The addition of Neil Gorsuch has given conservatives the decisive edge on the Supreme Court that they have sought for many years.

The Janus case is likely to slash the resources of unions. Another case will be a setback for minimum wage workers, those who labor for $7.25 an hour.

These cases together will widen economic inequality and shift greater power to corporations.

Janus is about union dues.

“The Supreme Court on Thursday agreed to hear a case that could deal a crushing blow to organized labor.

“It was one of 11 cases the justices added to the court’s docket from the roughly 2,000 petitions seeking review that had piled up during the court’s summer break.

“In the labor case, the court will consider whether public-sector unions may require workers who are not members to help pay for collective bargaining. If the court’s answer is no, unions would probably lose a substantial source of revenue.

“The question was before the justices last year in Friedrichs v. California Teachers Association, and they seemed poised to rule against the unions when the case was argued in January 2016. But the death of Justice Antonin Scalia the next month resulted in a 4-to-4 deadlock.“

The minimum wage case may inflict devastating harm on low wage workers.

Slate reports:

“In recent years, the nationwide Fight for $15 movement has succeeded in persuading several states and cities to raise their hourly minimum wages well above the federal minimum of $7.25. But the effort to ensure a living wage for workers may be headed for a serious setback in the U.S. Supreme Court. Depending on how they rule in a case set for argument next week, the justices could make it much more difficult for millions of workers to secure even the meager wages guaranteed by existing federal law.

“On Monday, the day that kicks off the Supreme Court’s new term, the justices will hear arguments in three consolidated cases with far-reaching implications for wage-earners. The cases—Epic Systems Corp. v. Lewis, Ernst & Young LLP v. Morris, and National Labor Relations Board v. Murphy Oil USA, Inc.—are all about whether employers have the right to compel workers go through onerous individual arbitration proceedings in order to bring labor law claims. If the justices answer that question in the affirmative, then the affected workers will—as a practical matter—find it nearly impossible to win back pay in cases involving wage law violations.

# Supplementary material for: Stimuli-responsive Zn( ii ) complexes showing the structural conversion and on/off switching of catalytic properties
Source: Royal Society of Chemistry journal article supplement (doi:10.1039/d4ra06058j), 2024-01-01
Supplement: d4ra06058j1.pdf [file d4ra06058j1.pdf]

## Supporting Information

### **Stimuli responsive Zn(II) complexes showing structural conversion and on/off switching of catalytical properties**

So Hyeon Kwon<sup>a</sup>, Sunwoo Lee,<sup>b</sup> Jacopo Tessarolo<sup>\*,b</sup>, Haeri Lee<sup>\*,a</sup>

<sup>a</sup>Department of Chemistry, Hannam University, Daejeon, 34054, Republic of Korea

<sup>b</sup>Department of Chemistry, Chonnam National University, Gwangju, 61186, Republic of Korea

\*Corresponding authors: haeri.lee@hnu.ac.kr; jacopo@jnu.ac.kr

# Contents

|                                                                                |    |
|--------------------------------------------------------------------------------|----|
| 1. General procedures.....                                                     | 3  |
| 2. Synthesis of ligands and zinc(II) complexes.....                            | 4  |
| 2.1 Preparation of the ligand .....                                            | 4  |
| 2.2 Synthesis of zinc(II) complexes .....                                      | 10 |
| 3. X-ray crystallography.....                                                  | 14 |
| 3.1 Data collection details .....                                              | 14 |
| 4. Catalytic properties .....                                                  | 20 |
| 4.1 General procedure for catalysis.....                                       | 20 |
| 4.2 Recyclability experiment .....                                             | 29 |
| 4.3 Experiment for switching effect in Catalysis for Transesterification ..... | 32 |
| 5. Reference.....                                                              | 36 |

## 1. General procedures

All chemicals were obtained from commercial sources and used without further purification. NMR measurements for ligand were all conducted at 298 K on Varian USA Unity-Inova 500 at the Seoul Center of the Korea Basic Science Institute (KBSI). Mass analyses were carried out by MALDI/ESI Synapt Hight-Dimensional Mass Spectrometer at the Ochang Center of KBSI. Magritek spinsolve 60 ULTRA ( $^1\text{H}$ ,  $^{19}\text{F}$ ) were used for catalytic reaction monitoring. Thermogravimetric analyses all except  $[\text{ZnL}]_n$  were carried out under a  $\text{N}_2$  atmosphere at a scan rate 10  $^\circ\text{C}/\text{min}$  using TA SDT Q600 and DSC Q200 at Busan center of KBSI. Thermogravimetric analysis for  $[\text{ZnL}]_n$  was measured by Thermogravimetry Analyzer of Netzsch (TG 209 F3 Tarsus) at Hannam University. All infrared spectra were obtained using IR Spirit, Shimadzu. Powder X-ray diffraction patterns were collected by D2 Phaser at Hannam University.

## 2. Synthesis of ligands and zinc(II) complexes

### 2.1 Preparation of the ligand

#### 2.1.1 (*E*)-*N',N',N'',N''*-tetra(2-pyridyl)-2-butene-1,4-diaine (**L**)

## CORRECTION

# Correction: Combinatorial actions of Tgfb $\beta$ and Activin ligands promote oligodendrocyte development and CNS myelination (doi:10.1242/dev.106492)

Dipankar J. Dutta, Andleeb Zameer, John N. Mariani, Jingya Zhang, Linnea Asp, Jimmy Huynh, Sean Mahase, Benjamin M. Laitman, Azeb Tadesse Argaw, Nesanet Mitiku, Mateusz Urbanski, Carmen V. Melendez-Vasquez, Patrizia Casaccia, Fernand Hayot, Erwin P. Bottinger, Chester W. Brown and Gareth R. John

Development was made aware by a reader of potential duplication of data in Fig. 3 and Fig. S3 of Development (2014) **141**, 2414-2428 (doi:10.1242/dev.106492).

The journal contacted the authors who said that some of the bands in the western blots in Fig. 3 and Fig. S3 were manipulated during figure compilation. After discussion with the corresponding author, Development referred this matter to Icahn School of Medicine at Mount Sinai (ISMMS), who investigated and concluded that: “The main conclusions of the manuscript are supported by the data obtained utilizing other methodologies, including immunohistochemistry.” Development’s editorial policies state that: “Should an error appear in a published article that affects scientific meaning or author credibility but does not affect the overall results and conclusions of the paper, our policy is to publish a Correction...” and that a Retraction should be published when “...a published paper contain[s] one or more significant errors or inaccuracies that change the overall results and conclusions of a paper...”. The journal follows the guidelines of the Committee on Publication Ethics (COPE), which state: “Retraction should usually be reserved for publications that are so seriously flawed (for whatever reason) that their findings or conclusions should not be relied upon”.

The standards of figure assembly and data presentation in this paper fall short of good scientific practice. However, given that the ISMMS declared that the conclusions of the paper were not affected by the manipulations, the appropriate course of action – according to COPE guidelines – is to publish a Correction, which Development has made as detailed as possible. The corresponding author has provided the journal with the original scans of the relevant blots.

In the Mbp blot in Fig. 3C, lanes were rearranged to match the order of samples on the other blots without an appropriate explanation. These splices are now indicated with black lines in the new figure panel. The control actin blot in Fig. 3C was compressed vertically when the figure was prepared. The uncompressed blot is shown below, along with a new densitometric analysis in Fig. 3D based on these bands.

“In the typical case involving wage law violations—such as when a firm makes employees work off the clock, pays less than the minimum wage, or fails to pay extra for overtime—plaintiffs bring what’s called a collective action (similar, but not identical to, a class action) in order to recover back pay from a common employer. Each worker’s claim might be worth only a few hundred or few thousand dollars, but when the defendant is a large firm with lots of similarly situated employees, the collective action might be worth millions. So while virtually no lawyer would want to take on an individual case on behalf of such a plaintiff, it’s much easier to find competent counsel to litigate a potentially more lucrative collective action.

“To pre-empt this possibility, more and more firms are inserting individual arbitration clauses into employee contracts. These clauses require employees to pursue workplace-related claims before private arbitrators rather than in federal or state court. These clauses also, critically, require employees to pursue their claims individually rather than through collective actions.”

These are victories long sought by the most reactionary elements of the most powerful elites in America. ALE, the Koch brothers, the DeVos family, and all those collectively known as “Dark Money” are close to achieving one of their most cherished goals, the victory of capital over labor.